The Secretary said that he was aware that the Israel Government had forecast the failure of the Anderson mission. While the primary responsibility for its failure rested with Nasser, it had to be noted that the Israel Government had not given complete cooperation. With the issues at stake as grave as they are, this Government must make its own evaluation and analysis. The Secretary said that the Israelis might think our assets in the Arab world useless but we must use our own best judgment. We do not believe we can afford to assume we have no influence with the Arab countries, or even with Egypt. We have tried to play it one way. We can try another. We believe we are serving not only the best interests of this country, but those of Israel.

Ambassador Eban said that with respect to construction at Banat Yaacov, it would be important for Israel to know whether it would have the backing of the US in diverting water from the Jordan after the necessary construction outside of the demilitarized zone was completed. The Secretary said that we would go quite a ways to meet that problem. He was not in any way suggesting any permanent renunciation by Israel of its rights in the Jordan. He suggested that this problem be taken up more in detail when Ambassador Johnson returns in about ten days. In the meantime, he said, the Department would be formulating some written suggestions as to how the matter might be dealt with.

Ambassador Eban said that with respect to the Secretary’s statement that Israel had not cooperated fully with the Anderson mission, the Israel Government had made clear its full willingness to approach the problem of a settlement on the basis of a direct meeting; it had felt that it was justified in not agreeing to the method of an intermediary because that approach had been tried in [Page 408] connection with the Jordan Valley Development negotiations and had not, as yet, succeeded. He said that Prime Minister Ben Gurion had, all during the time of the Anderson mission, been preoccupied with the problem of arms. If that matter were adequately dealt with, he felt there may be a good possibility of Israel approaching the problem of a settlement at that time through an intermediary.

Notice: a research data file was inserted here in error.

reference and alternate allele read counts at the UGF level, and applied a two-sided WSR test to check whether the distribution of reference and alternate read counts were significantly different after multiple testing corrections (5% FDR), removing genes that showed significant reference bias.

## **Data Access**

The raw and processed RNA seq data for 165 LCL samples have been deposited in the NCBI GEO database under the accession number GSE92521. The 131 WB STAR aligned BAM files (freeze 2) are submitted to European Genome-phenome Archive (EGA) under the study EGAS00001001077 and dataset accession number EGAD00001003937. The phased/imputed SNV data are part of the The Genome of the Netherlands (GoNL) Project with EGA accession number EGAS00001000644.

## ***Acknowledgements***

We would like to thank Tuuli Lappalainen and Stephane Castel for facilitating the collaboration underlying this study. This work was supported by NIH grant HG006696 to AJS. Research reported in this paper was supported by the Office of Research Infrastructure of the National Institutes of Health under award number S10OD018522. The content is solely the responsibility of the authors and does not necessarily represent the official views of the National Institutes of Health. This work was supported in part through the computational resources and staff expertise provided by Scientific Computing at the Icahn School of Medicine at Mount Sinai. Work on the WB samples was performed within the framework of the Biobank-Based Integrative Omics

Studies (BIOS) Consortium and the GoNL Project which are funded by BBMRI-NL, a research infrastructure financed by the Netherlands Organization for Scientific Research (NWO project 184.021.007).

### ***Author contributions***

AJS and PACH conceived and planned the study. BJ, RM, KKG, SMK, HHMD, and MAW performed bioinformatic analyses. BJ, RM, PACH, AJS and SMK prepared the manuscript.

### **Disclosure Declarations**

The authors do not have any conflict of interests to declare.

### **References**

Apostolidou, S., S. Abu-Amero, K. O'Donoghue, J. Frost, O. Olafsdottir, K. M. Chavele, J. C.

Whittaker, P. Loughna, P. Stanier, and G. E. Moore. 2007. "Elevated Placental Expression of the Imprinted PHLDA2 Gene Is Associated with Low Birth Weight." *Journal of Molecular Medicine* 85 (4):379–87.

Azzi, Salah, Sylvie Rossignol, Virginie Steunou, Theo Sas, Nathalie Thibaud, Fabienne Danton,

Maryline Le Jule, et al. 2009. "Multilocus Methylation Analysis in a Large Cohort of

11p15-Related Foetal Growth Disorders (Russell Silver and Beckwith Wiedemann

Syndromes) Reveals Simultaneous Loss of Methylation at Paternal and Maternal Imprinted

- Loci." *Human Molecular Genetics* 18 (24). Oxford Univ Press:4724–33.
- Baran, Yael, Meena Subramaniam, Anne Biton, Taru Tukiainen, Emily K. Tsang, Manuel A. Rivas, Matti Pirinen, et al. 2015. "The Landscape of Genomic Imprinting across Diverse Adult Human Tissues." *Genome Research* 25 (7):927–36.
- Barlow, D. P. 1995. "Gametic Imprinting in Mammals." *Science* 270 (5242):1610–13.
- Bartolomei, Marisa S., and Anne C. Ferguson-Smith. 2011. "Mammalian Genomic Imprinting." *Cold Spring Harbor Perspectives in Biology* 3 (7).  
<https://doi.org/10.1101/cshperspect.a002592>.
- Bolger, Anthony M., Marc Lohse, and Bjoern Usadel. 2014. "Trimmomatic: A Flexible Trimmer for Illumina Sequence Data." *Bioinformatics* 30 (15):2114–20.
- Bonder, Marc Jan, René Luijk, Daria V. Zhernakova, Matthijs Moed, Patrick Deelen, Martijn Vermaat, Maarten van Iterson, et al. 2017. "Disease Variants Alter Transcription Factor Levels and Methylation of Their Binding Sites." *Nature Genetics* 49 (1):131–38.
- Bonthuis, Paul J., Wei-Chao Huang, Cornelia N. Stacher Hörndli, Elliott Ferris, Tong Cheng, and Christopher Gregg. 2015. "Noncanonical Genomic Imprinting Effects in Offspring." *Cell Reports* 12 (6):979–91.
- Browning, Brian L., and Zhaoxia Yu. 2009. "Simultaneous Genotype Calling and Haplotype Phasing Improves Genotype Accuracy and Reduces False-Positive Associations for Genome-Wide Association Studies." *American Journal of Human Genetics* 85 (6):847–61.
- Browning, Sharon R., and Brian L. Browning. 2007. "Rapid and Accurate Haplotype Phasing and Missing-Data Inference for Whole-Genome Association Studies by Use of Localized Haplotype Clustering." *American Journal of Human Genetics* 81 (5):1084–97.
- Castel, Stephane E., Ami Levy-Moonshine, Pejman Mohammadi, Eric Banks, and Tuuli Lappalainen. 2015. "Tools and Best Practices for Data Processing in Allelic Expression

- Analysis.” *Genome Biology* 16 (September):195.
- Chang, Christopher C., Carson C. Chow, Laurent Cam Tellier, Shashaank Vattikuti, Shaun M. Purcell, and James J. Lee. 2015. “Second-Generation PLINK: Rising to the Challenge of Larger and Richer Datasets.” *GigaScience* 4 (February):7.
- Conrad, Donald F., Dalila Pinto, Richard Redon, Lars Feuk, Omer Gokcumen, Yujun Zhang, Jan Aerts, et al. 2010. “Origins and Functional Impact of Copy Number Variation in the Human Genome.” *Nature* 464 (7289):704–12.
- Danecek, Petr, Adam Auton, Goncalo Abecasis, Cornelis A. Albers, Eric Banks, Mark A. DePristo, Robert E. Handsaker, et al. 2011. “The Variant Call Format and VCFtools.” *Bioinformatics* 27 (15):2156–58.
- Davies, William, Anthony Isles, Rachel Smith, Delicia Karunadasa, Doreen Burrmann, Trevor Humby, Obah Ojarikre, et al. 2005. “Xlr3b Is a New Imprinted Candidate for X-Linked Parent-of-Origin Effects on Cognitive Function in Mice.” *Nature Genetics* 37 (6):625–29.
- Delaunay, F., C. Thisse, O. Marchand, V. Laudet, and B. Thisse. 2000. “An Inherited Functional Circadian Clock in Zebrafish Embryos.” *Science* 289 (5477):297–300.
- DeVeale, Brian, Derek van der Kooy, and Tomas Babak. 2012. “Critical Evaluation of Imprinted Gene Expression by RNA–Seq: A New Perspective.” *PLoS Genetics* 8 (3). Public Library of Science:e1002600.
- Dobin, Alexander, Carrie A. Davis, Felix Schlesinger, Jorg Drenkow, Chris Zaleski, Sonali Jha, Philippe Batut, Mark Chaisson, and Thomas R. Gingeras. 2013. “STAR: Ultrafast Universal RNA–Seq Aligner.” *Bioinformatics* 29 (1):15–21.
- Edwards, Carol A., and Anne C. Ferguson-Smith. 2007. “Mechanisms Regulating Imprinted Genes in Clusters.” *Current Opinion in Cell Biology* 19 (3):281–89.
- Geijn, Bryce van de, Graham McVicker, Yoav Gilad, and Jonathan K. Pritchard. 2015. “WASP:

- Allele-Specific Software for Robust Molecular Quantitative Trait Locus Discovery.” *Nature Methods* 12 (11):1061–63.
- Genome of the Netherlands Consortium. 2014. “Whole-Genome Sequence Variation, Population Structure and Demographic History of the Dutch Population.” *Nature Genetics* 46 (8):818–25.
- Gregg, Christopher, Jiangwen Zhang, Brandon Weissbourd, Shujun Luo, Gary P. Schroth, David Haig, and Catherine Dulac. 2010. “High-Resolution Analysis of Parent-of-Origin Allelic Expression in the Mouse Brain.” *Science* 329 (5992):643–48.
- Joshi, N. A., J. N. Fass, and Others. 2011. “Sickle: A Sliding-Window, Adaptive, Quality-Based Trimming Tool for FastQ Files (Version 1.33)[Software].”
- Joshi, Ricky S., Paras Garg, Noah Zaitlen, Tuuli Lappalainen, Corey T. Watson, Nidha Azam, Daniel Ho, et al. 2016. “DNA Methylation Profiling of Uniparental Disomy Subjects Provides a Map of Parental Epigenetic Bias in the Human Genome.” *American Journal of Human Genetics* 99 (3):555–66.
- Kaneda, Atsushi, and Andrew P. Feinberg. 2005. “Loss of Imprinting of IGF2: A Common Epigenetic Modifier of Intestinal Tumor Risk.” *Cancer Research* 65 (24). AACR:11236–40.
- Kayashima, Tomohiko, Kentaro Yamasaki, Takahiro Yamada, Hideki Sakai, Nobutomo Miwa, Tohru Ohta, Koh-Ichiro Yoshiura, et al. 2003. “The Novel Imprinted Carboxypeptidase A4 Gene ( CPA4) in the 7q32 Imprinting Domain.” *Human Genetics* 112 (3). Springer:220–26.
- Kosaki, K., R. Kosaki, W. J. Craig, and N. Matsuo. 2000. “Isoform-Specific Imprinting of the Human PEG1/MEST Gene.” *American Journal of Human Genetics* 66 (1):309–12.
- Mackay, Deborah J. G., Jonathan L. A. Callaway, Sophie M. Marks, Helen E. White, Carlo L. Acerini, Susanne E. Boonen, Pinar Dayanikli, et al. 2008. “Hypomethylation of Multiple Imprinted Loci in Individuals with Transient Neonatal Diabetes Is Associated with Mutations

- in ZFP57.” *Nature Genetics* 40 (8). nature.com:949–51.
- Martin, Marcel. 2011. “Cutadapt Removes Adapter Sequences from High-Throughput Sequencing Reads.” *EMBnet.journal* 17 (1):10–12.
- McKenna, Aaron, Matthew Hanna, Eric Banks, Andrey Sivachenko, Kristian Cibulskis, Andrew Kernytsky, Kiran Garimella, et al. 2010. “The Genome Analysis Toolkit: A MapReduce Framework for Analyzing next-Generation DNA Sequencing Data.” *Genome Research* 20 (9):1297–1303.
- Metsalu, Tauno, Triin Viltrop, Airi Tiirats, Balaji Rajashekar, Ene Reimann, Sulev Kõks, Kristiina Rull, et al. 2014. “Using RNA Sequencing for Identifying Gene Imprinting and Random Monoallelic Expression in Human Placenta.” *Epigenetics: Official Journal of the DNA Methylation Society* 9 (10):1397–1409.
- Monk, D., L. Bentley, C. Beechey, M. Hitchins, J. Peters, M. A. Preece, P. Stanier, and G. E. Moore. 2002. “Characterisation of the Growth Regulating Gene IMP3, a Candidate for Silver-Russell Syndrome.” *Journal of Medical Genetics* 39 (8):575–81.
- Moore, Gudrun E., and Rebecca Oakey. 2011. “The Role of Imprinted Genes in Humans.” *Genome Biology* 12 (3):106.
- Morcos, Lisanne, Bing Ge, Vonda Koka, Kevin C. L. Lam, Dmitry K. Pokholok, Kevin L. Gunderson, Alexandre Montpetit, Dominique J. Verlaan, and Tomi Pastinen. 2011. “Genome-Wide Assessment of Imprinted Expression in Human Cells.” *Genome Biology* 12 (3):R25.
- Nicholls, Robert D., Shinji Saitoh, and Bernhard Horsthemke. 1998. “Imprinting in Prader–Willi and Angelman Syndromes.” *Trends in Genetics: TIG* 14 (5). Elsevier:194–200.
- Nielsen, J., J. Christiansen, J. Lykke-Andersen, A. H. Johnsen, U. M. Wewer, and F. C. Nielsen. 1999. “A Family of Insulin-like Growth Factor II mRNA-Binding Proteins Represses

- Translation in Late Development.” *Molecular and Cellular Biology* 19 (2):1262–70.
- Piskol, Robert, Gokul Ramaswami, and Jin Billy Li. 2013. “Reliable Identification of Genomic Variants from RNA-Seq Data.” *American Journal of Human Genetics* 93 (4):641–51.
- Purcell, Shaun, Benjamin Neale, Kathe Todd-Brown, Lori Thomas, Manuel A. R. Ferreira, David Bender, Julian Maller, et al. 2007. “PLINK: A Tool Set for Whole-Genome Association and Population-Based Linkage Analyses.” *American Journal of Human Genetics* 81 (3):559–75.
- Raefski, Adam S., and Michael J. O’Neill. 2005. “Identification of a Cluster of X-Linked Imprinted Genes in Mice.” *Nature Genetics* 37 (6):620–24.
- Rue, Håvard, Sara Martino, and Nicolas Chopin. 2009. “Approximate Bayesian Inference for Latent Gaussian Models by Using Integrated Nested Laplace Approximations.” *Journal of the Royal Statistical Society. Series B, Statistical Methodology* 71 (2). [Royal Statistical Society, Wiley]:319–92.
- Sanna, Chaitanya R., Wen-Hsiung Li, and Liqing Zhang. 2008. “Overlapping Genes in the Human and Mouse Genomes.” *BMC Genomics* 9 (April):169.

Ambassador Eban said he hoped that the Department would consider taking action on some one or more of the items in the November 16th list. The Secretary said that we would give consideration to that request.

Ambassador Eban inquired whether there was anything to the reports that the United States would be giving more explicit expression to its responsibilities under the Tripartite Declaration. Mr. Hoover said that in considering that whole question it had been decided to move under U.N. procedures before taking any action pursuant to the Tripartite Declaration. Ambassador Eban said that one of the Israel Government’s problems is that the people of Israel do not believe that Israel can rely upon the United States actually taking military action even if there should be an outbreak of hostilities. He said that the discussion in the Security Council over the past few days on the U.S. proposal6 had confirmed Israel’s fears that the Soviets would support any Arab position and could, therefore, be expected to veto any Security Council action designed to stem Arab aggression. Ambassador Eban said that Israel feels that it is falling seriously behind in the arms situation and that it cannot rely upon outside assistance in the event of aggression; it is, therefore, in an alarming position. The Secretary said that he agreed that the situation was serious and that the Israel Government could be assured that we were taking it seriously. If we do not agree on methods, it does not mean that we do not have the same objectives.

  1. Source: Department of State, Central Files, 780.00/3–2856. Top Secret; Limited Distribution. Drafted on March 30 by Russell. The time of the meeting is from Dulles’ Appointment Book. (Princeton University Library, Dulles Papers)
  2. Document 201.
  3. See Document 194.
  4. See the memorandum of conversation, vol. XIV, p. 773.
  5. See Secto 90, ibid., p. 683.
  6. See Document 206.